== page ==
The Western Indian Ocean Network on Invasive Species (WIONIS), supported by IUCN, has launched a new website to facilitate information exchange about invasive species.
The WIONIS network was established in 2012 to improve the exchange of data, news, alerts and advice about invasive species in the Western Indian Ocean region (WIO). The network was set up and is currently supported by the European Union funded Inva’Ziles Project, which aims to help the WIO islands tackle biodiversity loss caused by invasive species.
“Within the WIO region, invasive species impact biodiversity and local communities and place pressure on both agricultural production and tourism,” said IUCN’s Inva’Ziles Project Coordinator Alan Tye. “It is therefore of both social and environmental importance to reduce their negative impacts. Ensuring effective knowledge exchange about invasive species is fundamental to improving their management.”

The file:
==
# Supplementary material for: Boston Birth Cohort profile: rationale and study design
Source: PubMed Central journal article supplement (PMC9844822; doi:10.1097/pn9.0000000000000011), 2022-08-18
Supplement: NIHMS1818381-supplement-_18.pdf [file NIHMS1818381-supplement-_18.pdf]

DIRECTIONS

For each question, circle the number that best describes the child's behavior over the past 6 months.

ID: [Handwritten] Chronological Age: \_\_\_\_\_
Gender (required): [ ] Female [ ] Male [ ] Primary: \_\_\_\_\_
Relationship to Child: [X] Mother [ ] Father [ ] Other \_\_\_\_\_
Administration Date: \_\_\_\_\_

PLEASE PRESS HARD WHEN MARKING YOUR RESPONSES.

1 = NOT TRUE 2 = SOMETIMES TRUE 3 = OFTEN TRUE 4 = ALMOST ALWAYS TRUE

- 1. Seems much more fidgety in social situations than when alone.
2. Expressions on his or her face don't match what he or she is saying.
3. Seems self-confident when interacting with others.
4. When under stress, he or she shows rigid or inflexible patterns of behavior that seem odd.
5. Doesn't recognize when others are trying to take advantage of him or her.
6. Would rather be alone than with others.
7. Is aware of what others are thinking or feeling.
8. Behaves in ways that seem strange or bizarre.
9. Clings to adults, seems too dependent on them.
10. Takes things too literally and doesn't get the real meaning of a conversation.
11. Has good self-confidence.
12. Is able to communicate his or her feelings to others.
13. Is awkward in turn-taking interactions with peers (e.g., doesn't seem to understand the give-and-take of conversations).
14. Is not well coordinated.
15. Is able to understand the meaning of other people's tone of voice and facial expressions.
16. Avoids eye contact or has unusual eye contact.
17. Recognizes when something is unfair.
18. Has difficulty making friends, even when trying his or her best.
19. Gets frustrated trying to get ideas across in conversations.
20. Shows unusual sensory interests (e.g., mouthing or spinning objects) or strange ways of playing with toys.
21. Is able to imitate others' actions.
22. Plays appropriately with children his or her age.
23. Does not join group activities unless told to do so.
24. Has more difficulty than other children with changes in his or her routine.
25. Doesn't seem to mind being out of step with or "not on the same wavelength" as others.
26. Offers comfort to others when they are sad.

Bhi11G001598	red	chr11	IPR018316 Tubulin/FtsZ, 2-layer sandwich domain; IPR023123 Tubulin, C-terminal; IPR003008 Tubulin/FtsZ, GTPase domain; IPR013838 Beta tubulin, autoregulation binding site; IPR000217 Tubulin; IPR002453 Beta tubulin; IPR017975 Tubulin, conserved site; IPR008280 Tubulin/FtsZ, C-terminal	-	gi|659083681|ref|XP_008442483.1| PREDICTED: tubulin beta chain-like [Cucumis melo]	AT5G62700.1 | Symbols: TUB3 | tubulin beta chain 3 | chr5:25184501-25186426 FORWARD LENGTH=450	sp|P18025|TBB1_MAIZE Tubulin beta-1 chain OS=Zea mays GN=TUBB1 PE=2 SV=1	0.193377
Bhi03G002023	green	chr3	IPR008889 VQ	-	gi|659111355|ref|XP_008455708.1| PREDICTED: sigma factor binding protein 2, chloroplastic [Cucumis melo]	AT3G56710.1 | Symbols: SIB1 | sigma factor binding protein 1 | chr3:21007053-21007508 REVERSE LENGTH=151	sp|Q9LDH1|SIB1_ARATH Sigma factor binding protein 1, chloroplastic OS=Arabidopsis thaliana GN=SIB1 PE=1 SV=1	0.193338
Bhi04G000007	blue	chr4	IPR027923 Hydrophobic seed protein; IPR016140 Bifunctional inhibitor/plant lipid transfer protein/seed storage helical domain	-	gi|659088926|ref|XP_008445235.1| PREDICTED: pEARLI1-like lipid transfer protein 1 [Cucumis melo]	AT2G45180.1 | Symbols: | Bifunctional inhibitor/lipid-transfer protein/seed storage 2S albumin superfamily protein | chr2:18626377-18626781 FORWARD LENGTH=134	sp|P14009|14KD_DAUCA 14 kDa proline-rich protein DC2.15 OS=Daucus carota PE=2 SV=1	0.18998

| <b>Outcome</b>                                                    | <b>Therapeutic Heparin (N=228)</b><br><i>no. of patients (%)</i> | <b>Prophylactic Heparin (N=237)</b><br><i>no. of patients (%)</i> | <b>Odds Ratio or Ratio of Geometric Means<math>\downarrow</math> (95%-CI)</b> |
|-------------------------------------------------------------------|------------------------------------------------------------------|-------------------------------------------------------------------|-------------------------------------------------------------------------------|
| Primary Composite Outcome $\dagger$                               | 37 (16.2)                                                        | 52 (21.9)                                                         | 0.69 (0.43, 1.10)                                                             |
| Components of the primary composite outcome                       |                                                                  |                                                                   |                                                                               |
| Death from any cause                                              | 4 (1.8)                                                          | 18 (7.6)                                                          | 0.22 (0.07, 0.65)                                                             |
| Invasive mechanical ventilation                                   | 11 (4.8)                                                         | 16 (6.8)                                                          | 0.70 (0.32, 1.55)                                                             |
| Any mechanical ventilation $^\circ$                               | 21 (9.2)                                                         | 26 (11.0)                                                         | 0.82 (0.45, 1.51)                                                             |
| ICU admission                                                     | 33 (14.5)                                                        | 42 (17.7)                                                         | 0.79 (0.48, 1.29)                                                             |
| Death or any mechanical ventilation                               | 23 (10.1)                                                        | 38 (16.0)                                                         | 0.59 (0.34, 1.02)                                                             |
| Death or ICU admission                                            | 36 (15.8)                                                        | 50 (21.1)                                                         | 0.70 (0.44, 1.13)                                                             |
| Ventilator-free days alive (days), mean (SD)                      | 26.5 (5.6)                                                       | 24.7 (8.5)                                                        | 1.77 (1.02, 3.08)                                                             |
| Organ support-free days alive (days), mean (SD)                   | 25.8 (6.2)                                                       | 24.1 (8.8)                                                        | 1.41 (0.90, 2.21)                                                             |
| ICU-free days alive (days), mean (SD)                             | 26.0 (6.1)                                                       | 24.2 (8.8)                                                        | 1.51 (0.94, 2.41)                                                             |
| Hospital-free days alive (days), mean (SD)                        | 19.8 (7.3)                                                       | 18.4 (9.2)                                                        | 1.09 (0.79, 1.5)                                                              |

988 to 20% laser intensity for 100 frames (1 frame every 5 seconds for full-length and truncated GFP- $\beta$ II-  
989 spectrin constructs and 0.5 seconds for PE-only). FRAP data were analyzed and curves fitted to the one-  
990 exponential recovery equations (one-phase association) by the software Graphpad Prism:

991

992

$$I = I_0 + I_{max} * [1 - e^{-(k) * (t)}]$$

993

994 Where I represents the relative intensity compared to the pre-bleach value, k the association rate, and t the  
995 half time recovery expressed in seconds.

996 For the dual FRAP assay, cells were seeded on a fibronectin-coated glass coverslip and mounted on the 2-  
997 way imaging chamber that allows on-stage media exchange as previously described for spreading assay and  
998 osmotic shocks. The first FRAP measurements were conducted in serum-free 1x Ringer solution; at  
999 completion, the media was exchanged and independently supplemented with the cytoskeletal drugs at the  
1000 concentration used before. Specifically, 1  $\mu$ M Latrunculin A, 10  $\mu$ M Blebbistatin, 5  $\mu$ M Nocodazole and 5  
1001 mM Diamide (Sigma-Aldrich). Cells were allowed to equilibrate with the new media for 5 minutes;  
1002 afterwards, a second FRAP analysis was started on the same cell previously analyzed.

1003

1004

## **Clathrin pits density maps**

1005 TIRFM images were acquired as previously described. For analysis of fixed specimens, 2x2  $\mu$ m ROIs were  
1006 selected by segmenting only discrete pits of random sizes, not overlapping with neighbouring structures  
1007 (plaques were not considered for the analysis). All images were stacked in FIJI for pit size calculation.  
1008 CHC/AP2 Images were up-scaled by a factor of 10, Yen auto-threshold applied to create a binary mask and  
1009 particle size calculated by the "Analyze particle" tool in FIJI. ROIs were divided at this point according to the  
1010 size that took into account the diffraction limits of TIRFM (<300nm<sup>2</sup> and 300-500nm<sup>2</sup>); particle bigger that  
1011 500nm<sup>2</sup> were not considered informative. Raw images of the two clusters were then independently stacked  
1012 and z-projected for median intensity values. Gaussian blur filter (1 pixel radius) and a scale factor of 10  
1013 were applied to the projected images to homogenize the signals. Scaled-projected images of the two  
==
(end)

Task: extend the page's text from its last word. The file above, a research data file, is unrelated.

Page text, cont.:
Work to combat the negative impacts of invasive species is under way in the WIO region. In the Vallée de Mai World Heritage Site on Praslin Island in the Seychelles, a novel programme is being carried out by the Seychelles Island Foundation to integrate the management of several invasive species - plants, tenrec, rats and ants – and monitor the response of native species. On Rodrigues Island in The Republic of Mauritius, the Rodrigues Regional Assembly and Forestry Services are working with the local community to replace the invasive Acacia nilotica tree by planting highly threatened endemic and native species.
The new website aims to showcase and enhance the work of the WIONIS network, by providing a space for those interested in invasive species and their management within the region, to share knowledge effectively. The website is available in English and French and is hosted by CIRAD, the French agricultural research for development organisation.
For more information about the Inva’Ziles project and WIONIS, including how to join the network and contribute new materials to the website, please contact Alan Tye.